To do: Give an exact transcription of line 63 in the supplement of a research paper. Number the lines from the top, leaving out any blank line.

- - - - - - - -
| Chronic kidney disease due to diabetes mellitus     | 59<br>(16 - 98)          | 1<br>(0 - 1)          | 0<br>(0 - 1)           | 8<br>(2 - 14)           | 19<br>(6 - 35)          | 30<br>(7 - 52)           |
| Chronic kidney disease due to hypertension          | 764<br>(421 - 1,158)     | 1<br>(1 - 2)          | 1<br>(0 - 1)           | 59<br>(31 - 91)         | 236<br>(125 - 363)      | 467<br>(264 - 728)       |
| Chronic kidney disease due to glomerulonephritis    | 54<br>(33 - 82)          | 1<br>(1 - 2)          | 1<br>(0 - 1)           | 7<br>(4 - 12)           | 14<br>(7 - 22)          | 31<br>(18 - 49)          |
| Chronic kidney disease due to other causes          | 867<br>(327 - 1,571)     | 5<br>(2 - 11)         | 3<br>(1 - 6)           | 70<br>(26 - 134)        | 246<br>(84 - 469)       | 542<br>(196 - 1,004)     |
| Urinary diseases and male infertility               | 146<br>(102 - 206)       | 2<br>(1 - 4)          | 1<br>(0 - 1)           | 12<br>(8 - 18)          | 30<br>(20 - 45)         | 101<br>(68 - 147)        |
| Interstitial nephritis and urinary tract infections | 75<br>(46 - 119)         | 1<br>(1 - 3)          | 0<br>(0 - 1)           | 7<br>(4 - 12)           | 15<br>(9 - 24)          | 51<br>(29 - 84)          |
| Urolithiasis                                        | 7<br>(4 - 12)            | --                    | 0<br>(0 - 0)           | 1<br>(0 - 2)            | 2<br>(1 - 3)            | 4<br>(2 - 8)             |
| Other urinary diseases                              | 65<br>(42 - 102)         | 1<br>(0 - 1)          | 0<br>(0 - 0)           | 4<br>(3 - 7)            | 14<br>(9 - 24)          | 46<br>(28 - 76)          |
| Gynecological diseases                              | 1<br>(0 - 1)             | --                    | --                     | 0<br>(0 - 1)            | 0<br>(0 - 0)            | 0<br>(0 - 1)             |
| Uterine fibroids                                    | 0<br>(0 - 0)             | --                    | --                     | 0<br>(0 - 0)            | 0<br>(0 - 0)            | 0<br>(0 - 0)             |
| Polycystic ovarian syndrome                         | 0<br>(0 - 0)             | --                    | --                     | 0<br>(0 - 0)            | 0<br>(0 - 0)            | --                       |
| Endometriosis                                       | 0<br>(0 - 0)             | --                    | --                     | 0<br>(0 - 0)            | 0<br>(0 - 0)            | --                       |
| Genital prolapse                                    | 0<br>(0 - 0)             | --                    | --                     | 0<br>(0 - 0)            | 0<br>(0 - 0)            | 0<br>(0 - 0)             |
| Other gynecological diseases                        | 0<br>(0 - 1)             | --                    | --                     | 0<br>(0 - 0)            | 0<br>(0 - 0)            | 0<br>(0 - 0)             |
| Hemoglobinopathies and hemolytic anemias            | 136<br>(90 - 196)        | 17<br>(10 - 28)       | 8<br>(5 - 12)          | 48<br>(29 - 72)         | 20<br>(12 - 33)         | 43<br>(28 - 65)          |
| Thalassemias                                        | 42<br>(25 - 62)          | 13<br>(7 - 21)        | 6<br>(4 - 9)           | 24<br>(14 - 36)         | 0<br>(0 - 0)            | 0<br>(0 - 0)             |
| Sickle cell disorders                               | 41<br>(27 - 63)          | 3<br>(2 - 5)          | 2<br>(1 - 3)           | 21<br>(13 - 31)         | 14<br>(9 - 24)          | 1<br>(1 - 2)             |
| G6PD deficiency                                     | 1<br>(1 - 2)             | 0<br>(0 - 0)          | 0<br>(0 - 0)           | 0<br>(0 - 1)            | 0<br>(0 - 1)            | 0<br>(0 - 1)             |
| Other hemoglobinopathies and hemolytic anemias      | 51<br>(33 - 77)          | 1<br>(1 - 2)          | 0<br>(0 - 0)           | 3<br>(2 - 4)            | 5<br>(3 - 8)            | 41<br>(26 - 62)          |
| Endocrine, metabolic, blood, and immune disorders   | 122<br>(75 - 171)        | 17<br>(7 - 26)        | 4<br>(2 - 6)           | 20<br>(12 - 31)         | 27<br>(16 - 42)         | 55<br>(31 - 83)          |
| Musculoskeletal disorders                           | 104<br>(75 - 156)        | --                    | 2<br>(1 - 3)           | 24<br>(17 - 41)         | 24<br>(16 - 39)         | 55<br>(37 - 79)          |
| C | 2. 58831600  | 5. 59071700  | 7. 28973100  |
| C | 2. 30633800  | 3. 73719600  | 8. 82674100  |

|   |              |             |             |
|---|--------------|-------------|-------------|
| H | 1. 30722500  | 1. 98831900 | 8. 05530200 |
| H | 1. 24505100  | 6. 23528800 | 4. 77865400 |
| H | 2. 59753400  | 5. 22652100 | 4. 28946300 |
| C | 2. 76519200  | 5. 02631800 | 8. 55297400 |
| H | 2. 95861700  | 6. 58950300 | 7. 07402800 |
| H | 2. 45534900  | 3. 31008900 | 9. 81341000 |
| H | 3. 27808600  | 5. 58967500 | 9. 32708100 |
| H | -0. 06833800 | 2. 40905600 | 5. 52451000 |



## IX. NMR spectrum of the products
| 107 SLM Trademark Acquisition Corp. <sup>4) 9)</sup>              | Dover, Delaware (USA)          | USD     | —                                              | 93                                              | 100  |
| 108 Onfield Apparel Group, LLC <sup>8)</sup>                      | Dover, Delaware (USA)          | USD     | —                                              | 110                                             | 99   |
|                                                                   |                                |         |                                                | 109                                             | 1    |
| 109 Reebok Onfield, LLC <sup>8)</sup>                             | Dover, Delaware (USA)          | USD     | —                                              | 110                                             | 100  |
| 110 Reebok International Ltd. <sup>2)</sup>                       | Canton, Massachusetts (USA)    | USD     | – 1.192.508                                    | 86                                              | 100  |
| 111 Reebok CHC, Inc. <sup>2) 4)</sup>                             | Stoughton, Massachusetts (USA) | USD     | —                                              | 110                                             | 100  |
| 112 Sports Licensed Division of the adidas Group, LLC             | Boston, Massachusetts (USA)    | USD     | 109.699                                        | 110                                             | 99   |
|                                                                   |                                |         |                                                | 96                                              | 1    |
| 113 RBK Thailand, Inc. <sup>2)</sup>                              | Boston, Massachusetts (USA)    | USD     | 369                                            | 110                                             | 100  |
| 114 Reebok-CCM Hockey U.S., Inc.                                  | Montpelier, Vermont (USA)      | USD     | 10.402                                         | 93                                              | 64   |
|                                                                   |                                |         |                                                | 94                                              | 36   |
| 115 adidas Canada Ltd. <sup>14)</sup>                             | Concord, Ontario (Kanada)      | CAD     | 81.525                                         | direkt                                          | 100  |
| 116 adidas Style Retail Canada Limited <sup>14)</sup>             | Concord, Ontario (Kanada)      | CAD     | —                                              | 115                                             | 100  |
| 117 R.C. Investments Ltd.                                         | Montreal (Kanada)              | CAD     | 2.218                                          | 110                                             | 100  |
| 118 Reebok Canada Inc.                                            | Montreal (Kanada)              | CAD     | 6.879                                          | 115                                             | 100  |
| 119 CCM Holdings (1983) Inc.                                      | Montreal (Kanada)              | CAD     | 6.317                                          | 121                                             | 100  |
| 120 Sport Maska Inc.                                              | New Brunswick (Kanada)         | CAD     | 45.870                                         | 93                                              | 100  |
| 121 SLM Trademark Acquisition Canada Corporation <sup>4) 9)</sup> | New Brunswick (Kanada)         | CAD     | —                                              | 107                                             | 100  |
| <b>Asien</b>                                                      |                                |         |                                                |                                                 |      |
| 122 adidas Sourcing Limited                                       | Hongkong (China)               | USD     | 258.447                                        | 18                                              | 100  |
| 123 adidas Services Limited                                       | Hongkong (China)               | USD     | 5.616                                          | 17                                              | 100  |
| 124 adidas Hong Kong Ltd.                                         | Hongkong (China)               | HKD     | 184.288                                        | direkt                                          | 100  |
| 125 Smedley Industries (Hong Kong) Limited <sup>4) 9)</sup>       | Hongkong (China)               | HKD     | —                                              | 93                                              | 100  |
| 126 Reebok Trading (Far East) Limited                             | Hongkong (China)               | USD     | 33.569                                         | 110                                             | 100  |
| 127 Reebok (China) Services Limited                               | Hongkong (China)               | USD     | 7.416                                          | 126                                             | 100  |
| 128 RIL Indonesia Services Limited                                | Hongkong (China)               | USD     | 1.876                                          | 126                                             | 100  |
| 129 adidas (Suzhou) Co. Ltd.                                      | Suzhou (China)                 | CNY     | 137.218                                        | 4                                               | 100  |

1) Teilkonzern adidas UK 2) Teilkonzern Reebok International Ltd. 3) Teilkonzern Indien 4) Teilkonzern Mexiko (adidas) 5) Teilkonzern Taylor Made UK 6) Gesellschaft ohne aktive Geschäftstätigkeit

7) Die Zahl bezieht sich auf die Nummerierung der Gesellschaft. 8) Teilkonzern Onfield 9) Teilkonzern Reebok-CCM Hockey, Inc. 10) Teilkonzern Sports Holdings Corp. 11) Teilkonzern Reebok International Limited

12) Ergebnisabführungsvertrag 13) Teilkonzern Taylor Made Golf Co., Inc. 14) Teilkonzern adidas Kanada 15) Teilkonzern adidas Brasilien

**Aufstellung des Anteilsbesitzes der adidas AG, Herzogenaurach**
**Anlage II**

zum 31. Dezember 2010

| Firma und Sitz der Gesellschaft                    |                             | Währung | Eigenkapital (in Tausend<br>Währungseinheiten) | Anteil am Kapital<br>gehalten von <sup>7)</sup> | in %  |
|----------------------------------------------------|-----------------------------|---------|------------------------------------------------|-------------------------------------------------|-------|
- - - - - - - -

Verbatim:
7) Die Zahl bezieht sich auf die Nummerierung der Gesellschaft. 8) Teilkonzern Onfield 9) Teilkonzern Reebok-CCM Hockey, Inc. 10) Teilkonzern Sports Holdings Corp. 11) Teilkonzern Reebok International Limited